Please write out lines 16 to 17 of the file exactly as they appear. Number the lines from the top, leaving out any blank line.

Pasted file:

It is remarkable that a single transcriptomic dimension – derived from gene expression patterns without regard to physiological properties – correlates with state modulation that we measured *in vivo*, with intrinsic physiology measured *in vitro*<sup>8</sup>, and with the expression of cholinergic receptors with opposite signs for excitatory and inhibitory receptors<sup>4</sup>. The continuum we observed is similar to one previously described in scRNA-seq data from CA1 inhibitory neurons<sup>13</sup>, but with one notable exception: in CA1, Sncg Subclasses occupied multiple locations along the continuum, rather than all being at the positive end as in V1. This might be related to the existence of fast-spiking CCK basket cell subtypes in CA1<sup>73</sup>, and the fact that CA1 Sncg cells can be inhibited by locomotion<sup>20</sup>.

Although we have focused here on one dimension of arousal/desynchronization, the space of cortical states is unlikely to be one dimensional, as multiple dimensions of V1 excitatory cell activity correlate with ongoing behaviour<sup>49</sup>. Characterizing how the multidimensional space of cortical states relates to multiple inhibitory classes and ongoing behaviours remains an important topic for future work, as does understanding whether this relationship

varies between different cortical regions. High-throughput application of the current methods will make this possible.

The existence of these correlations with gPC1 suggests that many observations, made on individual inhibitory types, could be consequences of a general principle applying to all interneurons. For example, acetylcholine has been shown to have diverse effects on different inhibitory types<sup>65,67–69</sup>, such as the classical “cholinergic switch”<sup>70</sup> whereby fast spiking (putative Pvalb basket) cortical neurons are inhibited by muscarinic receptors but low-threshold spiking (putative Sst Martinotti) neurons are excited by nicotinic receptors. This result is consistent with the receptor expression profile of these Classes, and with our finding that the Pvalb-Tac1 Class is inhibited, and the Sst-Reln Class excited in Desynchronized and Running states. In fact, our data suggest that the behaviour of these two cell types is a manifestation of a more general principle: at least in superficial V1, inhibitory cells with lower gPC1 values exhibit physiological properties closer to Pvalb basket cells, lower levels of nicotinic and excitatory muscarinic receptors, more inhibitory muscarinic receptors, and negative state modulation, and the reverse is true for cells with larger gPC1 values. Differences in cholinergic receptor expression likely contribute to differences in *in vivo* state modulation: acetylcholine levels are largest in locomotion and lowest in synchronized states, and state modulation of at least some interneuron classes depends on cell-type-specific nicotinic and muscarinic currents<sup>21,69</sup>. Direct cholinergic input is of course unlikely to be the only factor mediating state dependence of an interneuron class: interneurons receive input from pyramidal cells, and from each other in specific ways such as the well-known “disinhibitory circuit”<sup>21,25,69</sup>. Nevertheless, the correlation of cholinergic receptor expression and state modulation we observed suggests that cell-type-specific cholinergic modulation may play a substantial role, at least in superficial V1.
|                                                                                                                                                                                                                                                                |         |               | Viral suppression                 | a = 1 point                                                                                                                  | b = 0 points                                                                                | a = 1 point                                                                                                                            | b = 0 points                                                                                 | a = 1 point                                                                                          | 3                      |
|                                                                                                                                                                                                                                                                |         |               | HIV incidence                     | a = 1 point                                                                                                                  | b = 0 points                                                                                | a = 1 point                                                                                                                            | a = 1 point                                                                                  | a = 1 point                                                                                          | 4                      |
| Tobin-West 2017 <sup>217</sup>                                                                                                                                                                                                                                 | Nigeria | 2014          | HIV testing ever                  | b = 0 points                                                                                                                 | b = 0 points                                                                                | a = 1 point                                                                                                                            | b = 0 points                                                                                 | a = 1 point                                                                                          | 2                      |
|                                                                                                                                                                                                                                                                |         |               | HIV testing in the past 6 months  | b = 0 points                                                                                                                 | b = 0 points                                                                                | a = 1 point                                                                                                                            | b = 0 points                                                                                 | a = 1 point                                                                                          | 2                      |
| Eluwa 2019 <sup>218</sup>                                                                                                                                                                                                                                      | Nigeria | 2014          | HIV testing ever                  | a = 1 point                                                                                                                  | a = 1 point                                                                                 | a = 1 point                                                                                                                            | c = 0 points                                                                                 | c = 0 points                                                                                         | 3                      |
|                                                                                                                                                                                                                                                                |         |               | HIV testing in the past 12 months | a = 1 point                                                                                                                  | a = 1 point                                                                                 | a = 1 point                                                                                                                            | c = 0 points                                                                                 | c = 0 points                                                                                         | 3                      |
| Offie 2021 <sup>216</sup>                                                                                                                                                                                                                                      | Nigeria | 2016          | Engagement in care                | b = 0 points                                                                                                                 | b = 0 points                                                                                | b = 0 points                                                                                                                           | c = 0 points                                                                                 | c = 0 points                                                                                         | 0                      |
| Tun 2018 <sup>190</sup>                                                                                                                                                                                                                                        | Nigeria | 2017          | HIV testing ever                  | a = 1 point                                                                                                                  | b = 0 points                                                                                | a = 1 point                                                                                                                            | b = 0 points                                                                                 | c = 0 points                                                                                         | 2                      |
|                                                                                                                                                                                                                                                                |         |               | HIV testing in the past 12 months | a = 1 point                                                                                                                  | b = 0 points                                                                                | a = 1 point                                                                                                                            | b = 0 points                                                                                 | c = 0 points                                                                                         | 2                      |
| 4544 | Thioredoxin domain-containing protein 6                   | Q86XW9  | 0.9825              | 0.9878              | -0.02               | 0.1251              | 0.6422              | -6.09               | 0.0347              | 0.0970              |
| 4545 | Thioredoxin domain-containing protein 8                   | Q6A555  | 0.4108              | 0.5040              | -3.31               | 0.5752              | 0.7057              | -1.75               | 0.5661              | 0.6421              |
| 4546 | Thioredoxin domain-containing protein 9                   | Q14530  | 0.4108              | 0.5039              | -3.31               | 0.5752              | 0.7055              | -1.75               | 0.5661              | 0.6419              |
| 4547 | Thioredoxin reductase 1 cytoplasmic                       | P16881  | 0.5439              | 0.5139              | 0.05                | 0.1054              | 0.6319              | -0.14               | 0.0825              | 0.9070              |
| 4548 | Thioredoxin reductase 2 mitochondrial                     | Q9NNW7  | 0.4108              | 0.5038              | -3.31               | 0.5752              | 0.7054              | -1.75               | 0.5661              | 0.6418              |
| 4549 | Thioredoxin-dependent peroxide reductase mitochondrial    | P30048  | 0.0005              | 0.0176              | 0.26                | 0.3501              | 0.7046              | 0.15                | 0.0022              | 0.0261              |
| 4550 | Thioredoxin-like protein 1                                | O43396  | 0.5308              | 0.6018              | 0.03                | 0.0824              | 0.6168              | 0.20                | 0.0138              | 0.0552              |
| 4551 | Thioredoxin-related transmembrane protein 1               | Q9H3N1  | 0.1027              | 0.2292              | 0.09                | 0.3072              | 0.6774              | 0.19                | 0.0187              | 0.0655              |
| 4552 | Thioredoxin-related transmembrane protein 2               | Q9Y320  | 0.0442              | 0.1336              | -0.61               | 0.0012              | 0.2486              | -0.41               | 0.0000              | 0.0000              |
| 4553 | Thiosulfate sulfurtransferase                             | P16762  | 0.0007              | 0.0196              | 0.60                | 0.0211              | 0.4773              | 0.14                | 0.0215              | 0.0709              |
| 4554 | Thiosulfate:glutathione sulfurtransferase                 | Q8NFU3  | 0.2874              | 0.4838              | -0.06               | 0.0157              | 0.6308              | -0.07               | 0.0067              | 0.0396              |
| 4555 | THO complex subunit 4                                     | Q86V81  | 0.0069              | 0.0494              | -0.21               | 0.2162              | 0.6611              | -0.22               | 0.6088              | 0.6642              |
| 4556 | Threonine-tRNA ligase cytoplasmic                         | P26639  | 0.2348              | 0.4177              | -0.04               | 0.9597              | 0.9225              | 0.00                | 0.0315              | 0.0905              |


| 4546 | Thioredoxin domain-containing protein 9                   | Q14530  | 0.4108              | 0.5039              | -3.31               | 0.5752              | 0.7055              | -1.75               | 0.5661              | 0.6419              |
| 4547 | Thioredoxin reductase 1 cytoplasmic                       | P16881  | 0.5439              | 0.5139              | 0.05                | 0.1054              | 0.6319              | -0.14               | 0.0825              | 0.9070              |